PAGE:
Nineteen of 31 Shiite Muslims abducted in Afghanistan were released Monday in exchange for scores of Uzbek militants in government prisons, provincial officials said, ending a two-month ordeal which marked a rare attack on ethnic minorities.
But President Ashraf Ghani denied any prisoners were exchanged to secure the release of the ethnic Hazaras who were seized in late February by masked gunmen from a bus in southern Zabul province.
Government efforts to secure the Hazaras' release have been shrouded in mystery as the Taliban, waging a 13-year insurgency in Afghanistan, distanced themselves from the incident.
The high-profile abductions had fuelled suspicions that militants aligned with the Islamic State group -- an emerging threat in Afghanistan -- were behind them.
"This is a happy and proud moment. Nineteen of our compatriots who had been taken hostage are today the guests of the government," Ghani told reporters.
He insisted that "no ransom was paid... and no prisoners were exchanged", but two provincial officials said some militants had been freed.
Asadullah Kakar, a member of Zabul's provincial council, told AFP the Hazaras were freed "in exchange for 22 Uzbek militant fighters."
"These Uzbek militant fighters were detained when they entered Afghan soil from the bordering North Waziristan tribal area of Pakistan," he said, adding that the remaining abductees would be freed later Monday or Tuesday.
The allegiances of the freed militants were not immediately clear and another official said fewer fighters were released.
Hasan Reza Yousufi, a provincial council member in the restive southeastern province of Ghazni, claimed "10 to 16 Taliban detainees from Chechnya and Uzbekistan" were part of the swap.
Hazara Muslims, the third-largest ethnic group in Afghanistan, are often the target of sectarian violence at the hands of Sunni Muslim extremists in Pakistan, though such attacks have been relatively rare in Afghanistan.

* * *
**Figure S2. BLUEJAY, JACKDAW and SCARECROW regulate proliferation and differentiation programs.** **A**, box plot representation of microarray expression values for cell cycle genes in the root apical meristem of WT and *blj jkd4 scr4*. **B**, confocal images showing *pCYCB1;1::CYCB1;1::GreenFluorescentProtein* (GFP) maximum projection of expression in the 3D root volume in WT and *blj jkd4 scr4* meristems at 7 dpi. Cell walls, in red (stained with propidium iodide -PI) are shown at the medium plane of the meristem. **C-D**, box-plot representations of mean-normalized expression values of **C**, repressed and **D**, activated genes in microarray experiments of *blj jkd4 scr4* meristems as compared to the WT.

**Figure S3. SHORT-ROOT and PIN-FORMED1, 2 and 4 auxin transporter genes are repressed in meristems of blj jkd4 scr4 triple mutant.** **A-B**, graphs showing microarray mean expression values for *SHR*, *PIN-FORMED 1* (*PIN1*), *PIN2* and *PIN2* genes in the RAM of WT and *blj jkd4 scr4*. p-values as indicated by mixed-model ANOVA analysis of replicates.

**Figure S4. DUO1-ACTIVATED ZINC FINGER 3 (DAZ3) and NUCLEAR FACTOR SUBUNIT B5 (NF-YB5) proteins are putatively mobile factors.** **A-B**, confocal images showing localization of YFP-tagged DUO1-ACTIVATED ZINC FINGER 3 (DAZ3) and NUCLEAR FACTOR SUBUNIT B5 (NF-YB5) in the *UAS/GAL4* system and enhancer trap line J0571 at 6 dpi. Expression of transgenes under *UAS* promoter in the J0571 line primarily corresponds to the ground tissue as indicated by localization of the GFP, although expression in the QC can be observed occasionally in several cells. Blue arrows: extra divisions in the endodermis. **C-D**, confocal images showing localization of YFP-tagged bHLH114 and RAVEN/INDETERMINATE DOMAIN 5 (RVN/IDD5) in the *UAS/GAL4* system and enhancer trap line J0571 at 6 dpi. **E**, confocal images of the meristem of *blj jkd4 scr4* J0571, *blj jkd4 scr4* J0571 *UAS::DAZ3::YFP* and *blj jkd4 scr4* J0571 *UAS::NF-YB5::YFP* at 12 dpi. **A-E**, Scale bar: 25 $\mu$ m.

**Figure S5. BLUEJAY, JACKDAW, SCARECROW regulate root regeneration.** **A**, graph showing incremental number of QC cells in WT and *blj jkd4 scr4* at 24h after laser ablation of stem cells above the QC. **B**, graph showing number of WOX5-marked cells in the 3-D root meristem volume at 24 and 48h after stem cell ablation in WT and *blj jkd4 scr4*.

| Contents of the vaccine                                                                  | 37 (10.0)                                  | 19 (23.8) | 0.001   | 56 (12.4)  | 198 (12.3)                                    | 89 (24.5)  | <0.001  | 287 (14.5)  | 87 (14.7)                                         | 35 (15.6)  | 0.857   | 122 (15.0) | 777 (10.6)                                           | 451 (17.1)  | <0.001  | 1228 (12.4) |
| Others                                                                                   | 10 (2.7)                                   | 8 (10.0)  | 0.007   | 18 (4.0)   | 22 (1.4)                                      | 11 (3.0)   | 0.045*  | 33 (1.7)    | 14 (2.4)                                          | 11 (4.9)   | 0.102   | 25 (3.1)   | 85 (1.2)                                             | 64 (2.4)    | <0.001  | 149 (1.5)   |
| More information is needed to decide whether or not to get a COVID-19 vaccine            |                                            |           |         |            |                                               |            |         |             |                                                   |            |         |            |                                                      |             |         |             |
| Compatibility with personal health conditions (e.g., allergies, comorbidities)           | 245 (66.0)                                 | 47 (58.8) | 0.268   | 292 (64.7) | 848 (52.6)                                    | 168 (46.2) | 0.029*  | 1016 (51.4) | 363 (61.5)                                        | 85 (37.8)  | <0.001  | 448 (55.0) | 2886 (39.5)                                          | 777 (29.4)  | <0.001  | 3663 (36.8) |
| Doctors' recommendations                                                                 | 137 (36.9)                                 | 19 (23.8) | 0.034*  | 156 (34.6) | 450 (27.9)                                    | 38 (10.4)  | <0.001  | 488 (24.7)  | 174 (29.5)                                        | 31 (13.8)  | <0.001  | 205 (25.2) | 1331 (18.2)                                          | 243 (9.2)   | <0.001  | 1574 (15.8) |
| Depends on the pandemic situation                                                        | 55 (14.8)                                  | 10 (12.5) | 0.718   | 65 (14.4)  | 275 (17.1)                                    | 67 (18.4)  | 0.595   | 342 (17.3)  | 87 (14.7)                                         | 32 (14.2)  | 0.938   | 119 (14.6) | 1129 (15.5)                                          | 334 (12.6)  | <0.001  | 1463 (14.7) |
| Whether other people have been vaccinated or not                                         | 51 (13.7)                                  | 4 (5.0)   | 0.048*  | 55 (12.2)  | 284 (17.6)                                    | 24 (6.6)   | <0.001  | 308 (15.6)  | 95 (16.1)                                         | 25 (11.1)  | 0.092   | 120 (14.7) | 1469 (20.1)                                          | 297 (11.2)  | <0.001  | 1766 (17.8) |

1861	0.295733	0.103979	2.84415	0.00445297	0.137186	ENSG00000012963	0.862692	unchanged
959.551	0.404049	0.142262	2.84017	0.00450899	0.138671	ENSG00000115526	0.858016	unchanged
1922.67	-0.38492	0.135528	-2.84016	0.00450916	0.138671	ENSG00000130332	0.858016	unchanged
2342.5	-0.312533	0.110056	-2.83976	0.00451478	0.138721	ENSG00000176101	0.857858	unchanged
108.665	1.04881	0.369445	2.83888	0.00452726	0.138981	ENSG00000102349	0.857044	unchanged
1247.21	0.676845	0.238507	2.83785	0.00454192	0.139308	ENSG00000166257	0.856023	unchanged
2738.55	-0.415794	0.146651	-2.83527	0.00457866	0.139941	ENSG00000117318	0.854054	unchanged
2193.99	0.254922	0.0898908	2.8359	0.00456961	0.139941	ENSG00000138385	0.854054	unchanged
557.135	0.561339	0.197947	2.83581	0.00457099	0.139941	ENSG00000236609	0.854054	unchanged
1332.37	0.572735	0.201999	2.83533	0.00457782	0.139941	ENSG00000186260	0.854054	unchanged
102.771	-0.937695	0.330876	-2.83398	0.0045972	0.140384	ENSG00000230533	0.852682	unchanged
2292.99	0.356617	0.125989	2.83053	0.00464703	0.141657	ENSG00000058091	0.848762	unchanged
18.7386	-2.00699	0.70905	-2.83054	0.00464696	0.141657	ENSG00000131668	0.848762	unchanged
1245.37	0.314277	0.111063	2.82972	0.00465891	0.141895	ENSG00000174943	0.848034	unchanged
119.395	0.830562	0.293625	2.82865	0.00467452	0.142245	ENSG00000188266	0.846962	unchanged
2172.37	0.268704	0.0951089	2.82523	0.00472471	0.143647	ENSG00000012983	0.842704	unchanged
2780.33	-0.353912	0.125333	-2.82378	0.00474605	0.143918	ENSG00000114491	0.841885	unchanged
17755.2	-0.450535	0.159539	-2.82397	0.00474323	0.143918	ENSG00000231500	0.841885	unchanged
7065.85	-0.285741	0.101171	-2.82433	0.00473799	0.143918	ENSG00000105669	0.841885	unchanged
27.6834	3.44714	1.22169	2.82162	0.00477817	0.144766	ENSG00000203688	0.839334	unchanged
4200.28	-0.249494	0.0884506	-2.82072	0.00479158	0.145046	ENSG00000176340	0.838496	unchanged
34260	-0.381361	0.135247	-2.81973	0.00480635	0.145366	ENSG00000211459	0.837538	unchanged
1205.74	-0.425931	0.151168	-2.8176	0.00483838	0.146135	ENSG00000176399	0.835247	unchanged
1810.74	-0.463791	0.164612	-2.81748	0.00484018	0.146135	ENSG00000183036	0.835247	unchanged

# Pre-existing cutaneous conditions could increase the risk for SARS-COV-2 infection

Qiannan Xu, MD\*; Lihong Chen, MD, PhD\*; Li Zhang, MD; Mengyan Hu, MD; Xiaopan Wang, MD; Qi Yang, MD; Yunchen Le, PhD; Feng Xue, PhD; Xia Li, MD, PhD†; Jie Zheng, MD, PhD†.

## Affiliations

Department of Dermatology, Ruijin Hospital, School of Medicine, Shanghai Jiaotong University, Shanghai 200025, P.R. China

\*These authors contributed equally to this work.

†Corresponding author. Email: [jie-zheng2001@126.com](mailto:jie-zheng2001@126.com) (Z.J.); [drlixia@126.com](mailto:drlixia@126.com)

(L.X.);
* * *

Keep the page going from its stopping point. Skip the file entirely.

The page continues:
The unusual abduction sent shockwaves through the community, evoking memories of the Taliban's rule from 1996 to 2001, when minorities were heavily persecuted.
Family members of two of the 19 men told AFP they received calls from the government in Ghazni confirming their release.
Afghan officials have been tight-lipped about their behind-the-scenes efforts to secure their release but Ghani last month said his government had spent $6 million on the military operations to free them.
He did not offer any more details on the nature of those operations.
No one has yet claimed responsibility for the abduction in February, but kidnappings for ransom by bandits, local militias and Taliban insurgents are common in Afghanistan.
The kidnappings triggered speculation that the men had been seized by Afghan insurgents who have pledged allegiance to ISIS.
Militants last month conducted IS-style beheadings of five Shiites who were abducted in Ghazni province, highlighting a growing pattern of insurgent assaults on minorities.
Those ethnic Hazaras were kidnapped after they traveled out of their home district to shop for cattle.
Nearly 200 Hazara Shiites were killed in early 2013 in two major attacks in the Pakistani city of Quetta, capital of Baluchistan province which borders southern Afghanistan.